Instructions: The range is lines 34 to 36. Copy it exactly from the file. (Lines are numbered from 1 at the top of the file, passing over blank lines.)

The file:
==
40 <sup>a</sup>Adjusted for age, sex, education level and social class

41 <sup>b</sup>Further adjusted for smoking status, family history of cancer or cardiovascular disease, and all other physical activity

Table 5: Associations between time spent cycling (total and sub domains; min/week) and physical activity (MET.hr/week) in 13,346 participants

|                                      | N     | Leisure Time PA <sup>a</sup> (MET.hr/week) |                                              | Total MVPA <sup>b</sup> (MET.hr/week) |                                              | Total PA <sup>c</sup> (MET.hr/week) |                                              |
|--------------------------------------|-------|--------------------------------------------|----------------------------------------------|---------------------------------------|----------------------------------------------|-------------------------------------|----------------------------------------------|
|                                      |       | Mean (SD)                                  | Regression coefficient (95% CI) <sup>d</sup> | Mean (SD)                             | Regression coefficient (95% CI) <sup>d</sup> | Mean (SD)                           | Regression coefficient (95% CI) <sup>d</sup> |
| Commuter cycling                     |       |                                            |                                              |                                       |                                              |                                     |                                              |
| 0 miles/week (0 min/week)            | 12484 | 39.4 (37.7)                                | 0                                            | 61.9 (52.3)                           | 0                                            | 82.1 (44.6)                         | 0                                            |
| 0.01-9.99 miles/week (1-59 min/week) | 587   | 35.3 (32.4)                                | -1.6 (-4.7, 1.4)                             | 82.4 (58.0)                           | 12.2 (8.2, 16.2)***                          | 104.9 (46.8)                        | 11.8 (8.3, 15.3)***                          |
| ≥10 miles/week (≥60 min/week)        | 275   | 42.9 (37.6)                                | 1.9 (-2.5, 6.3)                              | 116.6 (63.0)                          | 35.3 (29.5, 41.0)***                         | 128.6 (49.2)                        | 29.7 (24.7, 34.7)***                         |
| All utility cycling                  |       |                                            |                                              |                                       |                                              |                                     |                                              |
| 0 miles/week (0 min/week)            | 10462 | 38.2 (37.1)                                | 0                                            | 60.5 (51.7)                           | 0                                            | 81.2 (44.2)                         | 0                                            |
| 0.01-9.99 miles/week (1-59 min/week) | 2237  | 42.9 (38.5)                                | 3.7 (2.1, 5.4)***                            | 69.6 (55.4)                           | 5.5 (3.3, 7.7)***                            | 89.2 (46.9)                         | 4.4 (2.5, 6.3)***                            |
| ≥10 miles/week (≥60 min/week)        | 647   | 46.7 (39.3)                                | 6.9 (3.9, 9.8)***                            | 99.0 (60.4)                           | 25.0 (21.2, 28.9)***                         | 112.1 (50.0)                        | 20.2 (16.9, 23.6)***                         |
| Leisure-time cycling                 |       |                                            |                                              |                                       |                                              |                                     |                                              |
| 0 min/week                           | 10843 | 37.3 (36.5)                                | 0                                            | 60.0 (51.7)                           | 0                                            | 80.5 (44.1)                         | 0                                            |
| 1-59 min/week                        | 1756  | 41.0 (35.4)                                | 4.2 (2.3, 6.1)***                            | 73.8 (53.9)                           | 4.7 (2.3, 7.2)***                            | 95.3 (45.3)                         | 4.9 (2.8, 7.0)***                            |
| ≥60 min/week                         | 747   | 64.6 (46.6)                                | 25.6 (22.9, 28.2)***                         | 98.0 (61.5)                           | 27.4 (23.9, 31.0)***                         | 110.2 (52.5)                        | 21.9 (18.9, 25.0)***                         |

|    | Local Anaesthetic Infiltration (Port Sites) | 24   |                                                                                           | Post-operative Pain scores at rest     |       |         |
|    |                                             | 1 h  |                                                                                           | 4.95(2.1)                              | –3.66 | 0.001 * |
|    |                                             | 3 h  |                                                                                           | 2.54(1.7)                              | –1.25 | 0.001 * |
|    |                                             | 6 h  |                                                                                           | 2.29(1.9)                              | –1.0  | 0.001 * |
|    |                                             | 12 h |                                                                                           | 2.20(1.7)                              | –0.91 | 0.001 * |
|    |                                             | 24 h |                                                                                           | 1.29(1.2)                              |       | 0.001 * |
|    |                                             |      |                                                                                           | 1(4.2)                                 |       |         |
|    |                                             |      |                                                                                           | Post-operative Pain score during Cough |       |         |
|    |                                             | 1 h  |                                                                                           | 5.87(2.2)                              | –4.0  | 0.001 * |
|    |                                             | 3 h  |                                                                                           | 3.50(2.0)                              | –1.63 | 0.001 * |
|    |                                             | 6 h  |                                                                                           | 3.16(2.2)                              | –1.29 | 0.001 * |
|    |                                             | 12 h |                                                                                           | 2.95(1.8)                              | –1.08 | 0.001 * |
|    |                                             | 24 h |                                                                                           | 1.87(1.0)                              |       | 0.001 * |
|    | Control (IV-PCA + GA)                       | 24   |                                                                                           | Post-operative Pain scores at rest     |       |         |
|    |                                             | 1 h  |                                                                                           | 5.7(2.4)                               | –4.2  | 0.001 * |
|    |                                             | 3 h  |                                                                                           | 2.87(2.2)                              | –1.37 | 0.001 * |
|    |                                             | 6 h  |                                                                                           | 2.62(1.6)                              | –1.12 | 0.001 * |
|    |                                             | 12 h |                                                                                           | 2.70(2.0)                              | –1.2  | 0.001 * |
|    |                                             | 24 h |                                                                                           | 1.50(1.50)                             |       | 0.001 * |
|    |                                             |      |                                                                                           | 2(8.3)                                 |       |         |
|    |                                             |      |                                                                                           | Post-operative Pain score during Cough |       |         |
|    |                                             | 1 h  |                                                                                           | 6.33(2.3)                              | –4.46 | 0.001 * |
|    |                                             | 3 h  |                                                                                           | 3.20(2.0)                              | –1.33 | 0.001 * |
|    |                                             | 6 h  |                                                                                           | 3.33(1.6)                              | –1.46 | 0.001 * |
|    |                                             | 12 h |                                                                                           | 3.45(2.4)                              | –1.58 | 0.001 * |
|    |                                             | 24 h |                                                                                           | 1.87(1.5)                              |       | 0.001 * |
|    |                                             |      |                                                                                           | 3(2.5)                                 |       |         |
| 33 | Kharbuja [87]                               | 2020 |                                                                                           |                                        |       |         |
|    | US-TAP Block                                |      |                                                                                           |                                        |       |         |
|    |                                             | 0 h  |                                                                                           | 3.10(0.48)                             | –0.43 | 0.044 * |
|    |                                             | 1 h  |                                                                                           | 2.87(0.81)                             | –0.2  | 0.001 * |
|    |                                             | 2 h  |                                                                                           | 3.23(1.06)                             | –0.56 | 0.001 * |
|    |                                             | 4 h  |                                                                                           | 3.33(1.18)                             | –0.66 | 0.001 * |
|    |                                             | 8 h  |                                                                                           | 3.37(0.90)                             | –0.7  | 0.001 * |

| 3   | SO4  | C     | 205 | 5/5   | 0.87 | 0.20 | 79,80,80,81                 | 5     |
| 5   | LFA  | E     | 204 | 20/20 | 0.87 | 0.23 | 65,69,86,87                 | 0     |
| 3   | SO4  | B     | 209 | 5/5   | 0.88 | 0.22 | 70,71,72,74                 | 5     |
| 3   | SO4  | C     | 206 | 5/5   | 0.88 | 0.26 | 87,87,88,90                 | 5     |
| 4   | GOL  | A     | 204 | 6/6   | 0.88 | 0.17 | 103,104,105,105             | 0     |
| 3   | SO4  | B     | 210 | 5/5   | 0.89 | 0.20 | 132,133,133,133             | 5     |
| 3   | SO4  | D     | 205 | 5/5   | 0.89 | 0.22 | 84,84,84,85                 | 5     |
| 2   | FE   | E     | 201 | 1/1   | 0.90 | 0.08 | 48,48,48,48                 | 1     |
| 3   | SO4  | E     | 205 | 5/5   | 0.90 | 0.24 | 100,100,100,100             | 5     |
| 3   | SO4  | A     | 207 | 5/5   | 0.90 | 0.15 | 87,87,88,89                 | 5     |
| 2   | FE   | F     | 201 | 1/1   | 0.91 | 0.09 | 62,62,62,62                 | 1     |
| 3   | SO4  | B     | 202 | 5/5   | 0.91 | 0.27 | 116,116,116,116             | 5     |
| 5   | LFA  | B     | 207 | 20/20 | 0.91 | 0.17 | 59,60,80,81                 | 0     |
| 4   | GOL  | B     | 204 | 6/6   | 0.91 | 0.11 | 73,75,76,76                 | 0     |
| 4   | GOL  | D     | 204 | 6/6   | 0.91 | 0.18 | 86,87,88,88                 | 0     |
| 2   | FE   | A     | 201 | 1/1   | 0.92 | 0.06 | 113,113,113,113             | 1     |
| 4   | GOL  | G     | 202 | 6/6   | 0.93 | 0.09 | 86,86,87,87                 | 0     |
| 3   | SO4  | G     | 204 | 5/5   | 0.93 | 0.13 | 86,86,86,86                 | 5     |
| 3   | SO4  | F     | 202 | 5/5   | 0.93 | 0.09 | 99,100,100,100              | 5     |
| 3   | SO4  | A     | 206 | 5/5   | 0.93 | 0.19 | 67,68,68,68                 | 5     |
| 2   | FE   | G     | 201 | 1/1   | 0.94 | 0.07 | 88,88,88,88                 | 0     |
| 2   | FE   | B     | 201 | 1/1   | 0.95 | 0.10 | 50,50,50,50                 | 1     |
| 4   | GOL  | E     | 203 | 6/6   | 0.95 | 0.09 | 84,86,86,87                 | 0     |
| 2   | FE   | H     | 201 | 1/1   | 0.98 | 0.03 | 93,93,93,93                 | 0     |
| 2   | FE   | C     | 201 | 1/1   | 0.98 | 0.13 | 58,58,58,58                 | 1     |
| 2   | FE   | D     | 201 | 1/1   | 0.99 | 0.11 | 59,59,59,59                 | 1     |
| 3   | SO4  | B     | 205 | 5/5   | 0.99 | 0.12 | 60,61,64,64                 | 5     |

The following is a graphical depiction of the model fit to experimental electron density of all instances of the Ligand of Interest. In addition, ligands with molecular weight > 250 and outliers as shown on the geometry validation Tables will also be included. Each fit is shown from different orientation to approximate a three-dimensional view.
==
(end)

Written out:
|    |                                             | 3 h  |                                                                                           | 2.87(2.2)                              | –1.37 | 0.001 * |
|    |                                             | 6 h  |                                                                                           | 2.62(1.6)                              | –1.12 | 0.001 * |
|    |                                             | 12 h |                                                                                           | 2.70(2.0)                              | –1.2  | 0.001 * |